Sociological relationship

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Introduction to Social Relationship. How to evaluate social initiatives.

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Sociological relationship

  1. 1. Social Model Relationship and Interactions Introductions Dr. Nicolò Guaita Diani
  2. 2. What is it for? • Evaluate the efficiency of a relational process and social relationship • Making strategic choices of social investment • Choose the best report for a more effective distribution of the benefits of social activities • Investigate the overall return of a wide range social intervention
  3. 3. What is it for? • Representation of Personal and Interpersonal Relations • Representing the effectiveness of Social Initiatives • Represent the rate of elasticity (ability to respond) of the social fabric • Representing the speed with which a social initiative can spread
  4. 4. Introduction Introduction Section to the logic of dissemination in the social fabric Introduction to quantitative techniques (simplified approach)
  5. 5. Subjects and Relations • Methodological Assumptions • Microworld models • Theory of diffuse relationships • Social Activities • Relationships are defined by the satisfaction of needs. • The relationship can not be unidirectional; they are recognized in a bidirectional way • Non-Social Activities • Relationships are defined by the assumption of manifest needs • The relationship can be one-way but are recognized only with a theoretical bidirectional construct
  6. 6. Assumption of a Doppler effect • Each observer can affect the result of observation and hence the phenomenon • The observer constructs is a two-dimensional theoretical projection • In the social sciences the interference problems is very high • The limited observable fields makes mandatory a collaborative or historicized observation
  7. 7. Dynamic context • The dynamic context can not be represented • The dynamic context may represent strengths or weaknesses in relational nodes • The dynamic context can be hypothesized as a greater or lesser frequency of relationship • The dynamic context characterized only multilateral relations • The dynamic context not be estimated if not bi-directional
  8. 8. Basic model: Single Relationship • Subjects: 1 • Observer: 1 • Omnia Visibility • Universal relationship
  9. 9. Basic model: Single Relationship The Observer (2) relates to the Subject(1) by creating a system of one-way non representative relationship.
  10. 10. Basic model: Real Relationship • Subjects: 2 • Observer: 1 • Omnia Visibility • Real relationship
  11. 11. Basic model: Real Relationship The Observer (2) relates to the subject (1) which has established a relationship with another subject (3). This relationship is the 1-3 and is bidirectional.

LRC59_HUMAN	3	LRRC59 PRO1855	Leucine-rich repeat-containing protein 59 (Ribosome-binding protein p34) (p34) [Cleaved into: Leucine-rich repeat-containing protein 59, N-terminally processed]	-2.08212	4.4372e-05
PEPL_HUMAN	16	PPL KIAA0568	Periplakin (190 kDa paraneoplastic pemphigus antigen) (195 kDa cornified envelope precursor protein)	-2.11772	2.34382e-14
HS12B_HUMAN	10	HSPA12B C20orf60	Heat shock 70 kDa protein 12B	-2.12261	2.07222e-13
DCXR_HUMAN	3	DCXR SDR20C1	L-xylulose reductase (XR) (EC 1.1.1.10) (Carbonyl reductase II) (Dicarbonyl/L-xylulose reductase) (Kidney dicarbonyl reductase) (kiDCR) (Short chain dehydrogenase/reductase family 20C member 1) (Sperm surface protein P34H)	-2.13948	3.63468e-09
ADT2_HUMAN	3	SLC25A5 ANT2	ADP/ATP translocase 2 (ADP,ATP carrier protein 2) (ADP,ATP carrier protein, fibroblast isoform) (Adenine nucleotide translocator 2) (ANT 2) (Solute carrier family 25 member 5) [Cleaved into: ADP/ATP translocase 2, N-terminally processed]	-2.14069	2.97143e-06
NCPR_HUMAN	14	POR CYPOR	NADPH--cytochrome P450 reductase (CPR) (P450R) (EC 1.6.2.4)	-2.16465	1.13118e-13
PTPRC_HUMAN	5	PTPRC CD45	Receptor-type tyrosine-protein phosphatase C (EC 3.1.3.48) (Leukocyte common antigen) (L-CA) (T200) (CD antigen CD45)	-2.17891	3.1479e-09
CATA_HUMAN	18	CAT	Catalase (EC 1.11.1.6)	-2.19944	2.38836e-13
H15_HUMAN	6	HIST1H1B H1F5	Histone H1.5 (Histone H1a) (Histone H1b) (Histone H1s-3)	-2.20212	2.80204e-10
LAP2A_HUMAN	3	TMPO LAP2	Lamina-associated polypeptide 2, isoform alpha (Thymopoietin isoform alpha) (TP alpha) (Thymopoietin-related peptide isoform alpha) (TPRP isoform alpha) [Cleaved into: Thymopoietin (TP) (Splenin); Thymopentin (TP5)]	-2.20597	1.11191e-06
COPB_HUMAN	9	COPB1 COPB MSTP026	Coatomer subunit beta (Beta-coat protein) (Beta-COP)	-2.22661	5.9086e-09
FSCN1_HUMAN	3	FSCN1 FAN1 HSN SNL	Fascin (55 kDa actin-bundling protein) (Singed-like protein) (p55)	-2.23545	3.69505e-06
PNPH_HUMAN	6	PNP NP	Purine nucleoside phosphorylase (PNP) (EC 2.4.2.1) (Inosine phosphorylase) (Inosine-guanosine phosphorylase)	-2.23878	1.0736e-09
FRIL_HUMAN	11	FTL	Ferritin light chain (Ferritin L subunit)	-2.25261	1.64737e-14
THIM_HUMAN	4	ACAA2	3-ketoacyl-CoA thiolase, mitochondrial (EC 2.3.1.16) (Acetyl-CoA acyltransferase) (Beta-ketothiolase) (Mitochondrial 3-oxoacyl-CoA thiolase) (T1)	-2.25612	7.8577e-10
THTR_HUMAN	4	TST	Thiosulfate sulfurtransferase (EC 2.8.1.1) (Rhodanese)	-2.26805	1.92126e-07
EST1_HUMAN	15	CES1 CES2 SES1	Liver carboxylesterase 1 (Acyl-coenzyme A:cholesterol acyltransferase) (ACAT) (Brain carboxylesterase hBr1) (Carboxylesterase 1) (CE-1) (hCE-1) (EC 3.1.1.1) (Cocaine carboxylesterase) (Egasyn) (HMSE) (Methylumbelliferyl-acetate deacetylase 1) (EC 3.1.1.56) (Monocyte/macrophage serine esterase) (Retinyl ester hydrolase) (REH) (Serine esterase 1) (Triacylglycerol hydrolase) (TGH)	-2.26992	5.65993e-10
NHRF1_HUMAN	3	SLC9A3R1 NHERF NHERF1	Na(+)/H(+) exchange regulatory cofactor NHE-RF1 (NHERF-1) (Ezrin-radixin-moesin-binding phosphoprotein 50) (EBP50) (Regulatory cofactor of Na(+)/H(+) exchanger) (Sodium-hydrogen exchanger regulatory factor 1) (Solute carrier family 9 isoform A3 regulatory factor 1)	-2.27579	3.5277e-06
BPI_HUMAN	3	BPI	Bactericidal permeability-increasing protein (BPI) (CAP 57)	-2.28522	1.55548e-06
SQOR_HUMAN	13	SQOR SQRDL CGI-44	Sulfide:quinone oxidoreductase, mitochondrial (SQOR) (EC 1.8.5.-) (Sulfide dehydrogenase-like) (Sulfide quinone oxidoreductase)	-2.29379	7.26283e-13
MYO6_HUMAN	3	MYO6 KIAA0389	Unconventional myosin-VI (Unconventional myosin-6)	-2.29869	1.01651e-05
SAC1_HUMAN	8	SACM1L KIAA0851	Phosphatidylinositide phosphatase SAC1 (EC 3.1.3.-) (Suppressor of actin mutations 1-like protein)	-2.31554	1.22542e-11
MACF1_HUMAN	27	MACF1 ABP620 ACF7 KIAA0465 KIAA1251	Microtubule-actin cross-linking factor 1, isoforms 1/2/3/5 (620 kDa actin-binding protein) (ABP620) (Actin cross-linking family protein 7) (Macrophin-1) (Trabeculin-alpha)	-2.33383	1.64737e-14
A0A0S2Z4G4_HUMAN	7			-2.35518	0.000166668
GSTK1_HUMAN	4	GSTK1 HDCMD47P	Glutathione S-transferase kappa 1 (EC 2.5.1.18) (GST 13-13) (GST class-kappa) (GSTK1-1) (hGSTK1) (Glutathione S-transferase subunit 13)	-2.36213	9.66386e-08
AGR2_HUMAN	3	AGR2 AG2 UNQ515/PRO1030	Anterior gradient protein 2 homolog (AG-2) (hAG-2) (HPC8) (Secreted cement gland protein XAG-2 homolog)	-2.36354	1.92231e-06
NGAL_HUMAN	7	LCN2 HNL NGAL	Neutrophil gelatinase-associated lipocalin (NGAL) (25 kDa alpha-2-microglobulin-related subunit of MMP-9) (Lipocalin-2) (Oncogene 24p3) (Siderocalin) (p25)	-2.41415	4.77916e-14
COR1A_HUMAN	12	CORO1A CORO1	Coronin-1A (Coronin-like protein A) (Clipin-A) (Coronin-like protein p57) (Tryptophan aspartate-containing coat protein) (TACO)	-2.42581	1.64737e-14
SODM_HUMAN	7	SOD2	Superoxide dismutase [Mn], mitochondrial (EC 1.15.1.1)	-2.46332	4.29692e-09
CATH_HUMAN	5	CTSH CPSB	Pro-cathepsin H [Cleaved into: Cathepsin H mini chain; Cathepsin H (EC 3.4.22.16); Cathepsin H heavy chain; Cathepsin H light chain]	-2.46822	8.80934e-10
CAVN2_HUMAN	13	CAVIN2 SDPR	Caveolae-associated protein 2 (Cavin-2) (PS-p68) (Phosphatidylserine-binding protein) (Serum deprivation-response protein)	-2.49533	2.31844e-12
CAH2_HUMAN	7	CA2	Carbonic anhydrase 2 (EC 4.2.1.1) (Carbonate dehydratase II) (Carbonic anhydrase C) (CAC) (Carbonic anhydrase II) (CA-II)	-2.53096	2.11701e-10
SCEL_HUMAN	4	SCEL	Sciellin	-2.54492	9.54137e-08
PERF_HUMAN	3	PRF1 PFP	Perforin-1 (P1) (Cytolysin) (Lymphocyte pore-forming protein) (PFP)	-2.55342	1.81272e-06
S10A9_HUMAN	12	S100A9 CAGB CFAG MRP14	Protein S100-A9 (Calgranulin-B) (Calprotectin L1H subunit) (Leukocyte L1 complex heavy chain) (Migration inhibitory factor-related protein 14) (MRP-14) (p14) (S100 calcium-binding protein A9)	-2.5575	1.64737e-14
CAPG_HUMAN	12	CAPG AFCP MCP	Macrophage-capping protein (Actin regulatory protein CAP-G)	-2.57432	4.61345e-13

12. 12. Basic model: Real Relationship Mark (1) tells the observer (2) about the friendship with Mary (3).
  13. 13. Basic model: unbalanced relationship The Observer (2) relates to the subject (1) which has established a relationship with another subject (3). The relationship 1  3 is more reliable and frequent compared to relationship 3  1.
  14. 14. Basic model: unbalanced relationship Mark (1) tells the observer (2) how often writes to Mary (3) but she never responds to his messages.
  15. 15. Basic model: Bidirectional Relationship Mark (1) tells the observer (2) how often writes to Mary (3) but she never responds to his messages. Mary (3) tells the observer (2) Mark (1) wrote to her often but she never responds to messages.
  16. 16. Basic model: Bidirectional Relationship Mark (1) tells the observer (2) how often writes to Mary (3) but she never responds to his messages. Mary (3) tells the observer (2) Mark (1) wrote to her often but she never responds to messages. RELATIONSHIP VERIFIED
  17. 17. Thematic model • Transition from Subjects to Elements: • Nodes • Vectors • Collection of common elements • Topic • Diffusion (experimentally) • Direct relations (deduction or black box) • Interaction between subjects and elements • Passive Relationship • Oriented Relationship
  18. 18. Theme Model: Simplified Mark (2) often sends out e-mails (3) to Mary (4). Mary (4) using e-mail (3) to work. Mark (2) is then in contact with Mary (4) through the mail (3).
  19. 19. Theme Model: Simplified Observer Role The Observer (1) only spoke with Mark (2). The observer does not know the e-mail (3) from personal experience.
  20. 20. Theme Model: Simplified Observer Role The Observer (1) talked to Mark (2). The Observer (1) talked to Mary (4). The observer does not know the e-mail(3) from personal experience.
  21. 21. Theme Model: Simplified Observer Role The Observer (1) talked to Mark (2). The Observer (1) talked to Mary (4). The Observer (1) know the e-mail (3) from personal experience.
  22. 22. Observer Direct Knowledge Mediated Knowledge
  23. 23. The paradox of universality • The observer can not know everything • The observer must be brought to the attention • The observer if placed in a relational context, it will become the focus • The removal of the observer must be validated • The observer is not a linking element in the study phase • The observer has limited relationships powers (eg, not a family member or friend) • The observer did not include forced elements of analysis (eg, viral messages) • The observer must justify each node and its socialized roots
  24. 24. Universal Observer
  25. 25. Removing Observer
  26. 26. Sample considered • Members Registration on the association "Friends of Animals Osimo NPO" (ITALY) • Based on direct relations (400 +) • Inference with variable weight (0-6) • Weight is not represented graphically
  27. 27. Relationship Sociology How to evaluate social initiatives A quantitative methodological approach Dr. Nicolò Guaita Diani

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